We’re now also partnering with progressive employers who understand the value of childcare for working parents, and hence diversity at the workplace so that myTamarin childcare becomes part of the employee benefits packages. This could be a total game-changer – watch this space!

How the coronavirus pandemic affects your business, and how are you coping?

Zarja Cibej: The pandemic has exacerbated the challenges working parents face, establishing just how critical childcare is for working families. Without childcare, many parents – especially mothers – struggle to balance work with childcare and consequently have to stop working, pushing women back a few decades in terms of gender equality and balance at work. 

Right now, we’re proud to be playing such a critical role in helping parents find the right childcare by matching them with the best nannies, offering them support and reassurance in case their nursery closes or if they have reservations about sending their children to nursery in the first place. We’ve seen quite a spike in demand for our services at the beginning of the pandemic, and have continued to grow throughout!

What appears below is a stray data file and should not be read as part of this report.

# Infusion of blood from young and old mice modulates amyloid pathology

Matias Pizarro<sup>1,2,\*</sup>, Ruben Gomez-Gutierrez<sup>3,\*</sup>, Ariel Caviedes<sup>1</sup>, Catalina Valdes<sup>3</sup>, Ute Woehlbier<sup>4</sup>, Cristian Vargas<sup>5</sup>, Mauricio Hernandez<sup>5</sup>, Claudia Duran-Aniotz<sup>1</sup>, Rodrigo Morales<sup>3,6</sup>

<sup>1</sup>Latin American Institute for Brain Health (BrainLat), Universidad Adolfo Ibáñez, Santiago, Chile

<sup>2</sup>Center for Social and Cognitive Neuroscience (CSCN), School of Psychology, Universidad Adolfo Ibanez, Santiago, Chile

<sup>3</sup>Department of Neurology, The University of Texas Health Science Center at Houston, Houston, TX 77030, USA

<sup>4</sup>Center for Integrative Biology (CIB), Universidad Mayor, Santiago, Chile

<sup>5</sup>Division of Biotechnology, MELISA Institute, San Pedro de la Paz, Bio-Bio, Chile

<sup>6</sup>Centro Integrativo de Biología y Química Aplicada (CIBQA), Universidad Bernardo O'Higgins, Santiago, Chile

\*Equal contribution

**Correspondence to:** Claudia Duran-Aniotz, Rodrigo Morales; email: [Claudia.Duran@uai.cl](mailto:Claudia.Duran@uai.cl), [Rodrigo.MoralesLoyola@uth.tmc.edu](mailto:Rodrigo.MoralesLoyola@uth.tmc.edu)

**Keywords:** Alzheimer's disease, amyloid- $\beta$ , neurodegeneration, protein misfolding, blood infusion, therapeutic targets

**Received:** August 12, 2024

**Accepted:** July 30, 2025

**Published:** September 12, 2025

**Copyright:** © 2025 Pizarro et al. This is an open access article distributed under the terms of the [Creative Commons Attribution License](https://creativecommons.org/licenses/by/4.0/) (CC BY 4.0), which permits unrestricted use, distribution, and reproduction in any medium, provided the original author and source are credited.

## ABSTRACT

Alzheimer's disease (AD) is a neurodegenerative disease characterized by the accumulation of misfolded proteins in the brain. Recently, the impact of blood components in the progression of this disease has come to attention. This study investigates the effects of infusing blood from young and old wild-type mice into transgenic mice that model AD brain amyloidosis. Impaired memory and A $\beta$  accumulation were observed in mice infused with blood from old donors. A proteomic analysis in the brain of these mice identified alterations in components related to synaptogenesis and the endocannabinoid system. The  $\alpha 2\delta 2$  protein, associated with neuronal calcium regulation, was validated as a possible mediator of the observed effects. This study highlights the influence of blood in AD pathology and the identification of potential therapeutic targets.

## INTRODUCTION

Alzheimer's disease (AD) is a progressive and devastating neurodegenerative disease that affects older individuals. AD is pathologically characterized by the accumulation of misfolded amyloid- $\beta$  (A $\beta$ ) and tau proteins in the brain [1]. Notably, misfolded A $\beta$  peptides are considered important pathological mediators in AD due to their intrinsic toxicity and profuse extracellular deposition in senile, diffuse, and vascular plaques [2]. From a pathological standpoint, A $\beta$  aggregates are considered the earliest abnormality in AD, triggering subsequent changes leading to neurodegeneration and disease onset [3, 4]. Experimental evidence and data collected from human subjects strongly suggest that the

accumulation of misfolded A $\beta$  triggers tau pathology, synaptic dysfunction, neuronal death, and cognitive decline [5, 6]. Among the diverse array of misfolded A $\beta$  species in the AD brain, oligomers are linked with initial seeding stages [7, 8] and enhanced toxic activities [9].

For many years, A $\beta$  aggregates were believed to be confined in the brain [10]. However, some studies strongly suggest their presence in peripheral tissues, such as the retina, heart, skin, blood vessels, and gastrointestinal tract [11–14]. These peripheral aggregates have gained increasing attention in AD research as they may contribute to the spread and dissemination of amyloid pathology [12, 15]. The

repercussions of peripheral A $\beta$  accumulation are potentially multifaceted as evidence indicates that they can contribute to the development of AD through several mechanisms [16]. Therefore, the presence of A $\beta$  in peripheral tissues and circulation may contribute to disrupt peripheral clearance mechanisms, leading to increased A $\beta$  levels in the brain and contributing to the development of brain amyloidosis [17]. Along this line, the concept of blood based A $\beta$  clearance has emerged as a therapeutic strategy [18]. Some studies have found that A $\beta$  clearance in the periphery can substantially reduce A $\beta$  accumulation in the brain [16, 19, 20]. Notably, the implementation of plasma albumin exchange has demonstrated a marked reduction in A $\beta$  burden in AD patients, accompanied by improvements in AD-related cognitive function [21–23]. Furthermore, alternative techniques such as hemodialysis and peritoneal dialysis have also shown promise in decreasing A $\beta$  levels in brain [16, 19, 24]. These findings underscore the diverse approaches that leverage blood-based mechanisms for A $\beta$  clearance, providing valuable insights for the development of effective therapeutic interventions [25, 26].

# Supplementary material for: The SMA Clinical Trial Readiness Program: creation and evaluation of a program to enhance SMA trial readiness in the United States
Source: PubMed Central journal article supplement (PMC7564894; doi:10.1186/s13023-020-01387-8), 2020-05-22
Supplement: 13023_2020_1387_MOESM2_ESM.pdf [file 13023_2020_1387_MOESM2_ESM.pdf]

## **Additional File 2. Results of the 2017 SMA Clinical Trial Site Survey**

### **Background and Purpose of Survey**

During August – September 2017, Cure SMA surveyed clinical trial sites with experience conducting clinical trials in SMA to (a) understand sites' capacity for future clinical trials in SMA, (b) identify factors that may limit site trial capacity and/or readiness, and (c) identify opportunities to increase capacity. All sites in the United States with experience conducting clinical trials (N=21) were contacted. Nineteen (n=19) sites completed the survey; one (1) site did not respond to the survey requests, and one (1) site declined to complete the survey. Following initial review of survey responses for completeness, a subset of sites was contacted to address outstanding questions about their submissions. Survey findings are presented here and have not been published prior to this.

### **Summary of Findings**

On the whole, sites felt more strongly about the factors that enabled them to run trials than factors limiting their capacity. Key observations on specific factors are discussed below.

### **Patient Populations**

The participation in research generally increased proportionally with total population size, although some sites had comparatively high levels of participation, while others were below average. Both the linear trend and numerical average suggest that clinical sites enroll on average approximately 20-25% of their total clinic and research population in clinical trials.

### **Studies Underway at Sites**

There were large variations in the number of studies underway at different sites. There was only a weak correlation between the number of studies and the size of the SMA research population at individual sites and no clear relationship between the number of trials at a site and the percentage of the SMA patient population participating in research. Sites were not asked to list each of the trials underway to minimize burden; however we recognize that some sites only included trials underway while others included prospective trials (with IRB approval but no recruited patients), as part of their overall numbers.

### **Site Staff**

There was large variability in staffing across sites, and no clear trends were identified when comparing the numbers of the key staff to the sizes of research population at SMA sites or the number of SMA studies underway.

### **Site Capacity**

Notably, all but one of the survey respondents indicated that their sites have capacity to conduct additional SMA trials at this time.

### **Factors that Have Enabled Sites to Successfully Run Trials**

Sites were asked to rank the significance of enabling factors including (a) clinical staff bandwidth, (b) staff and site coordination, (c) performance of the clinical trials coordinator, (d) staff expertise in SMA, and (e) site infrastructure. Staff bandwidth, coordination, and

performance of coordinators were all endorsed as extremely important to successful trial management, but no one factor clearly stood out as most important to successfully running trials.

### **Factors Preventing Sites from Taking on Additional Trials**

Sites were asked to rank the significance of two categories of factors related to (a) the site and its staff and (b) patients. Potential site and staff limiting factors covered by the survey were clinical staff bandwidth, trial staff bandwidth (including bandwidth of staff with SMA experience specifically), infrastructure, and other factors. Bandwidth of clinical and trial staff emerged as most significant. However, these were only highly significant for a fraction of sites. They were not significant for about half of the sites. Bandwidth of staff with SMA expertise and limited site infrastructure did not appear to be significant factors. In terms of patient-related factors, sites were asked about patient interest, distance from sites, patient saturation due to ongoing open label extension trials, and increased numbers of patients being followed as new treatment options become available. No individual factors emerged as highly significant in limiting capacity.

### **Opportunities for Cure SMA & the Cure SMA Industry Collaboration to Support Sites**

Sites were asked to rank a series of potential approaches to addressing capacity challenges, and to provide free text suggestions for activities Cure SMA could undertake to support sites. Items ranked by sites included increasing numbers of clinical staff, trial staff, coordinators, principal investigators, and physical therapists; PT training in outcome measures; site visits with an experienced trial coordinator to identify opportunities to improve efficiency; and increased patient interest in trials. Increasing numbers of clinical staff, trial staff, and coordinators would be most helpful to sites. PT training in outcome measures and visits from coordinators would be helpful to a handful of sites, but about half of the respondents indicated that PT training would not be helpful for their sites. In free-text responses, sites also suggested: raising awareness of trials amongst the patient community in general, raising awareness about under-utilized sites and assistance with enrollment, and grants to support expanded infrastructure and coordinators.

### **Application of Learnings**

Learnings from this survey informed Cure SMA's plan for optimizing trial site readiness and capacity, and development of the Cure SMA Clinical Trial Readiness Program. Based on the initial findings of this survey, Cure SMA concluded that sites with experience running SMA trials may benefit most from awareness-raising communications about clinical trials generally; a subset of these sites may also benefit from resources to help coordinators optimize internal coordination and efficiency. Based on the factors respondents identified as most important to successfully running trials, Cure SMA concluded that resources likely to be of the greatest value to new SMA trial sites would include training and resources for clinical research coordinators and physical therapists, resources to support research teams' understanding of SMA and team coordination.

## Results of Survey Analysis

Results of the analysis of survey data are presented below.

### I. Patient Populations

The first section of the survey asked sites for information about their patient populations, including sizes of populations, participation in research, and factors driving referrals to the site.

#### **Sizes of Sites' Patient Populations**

Did you have to make difficult choices, and what are the lessons learned?

Zarja Cibej: Be clear about what you stand for and follow your (brand) values. Throughout this pandemic, it’s been important for us to look after both the families and nannies that we work with, yet at the start of the pandemic, the UK government wasn’t explicit about whether or not the nannies were allowed to work. Since then, it’s been made clear that nannies are allowed to work, but until then – about 6 weeks into the pandemic – it was a contentious topic.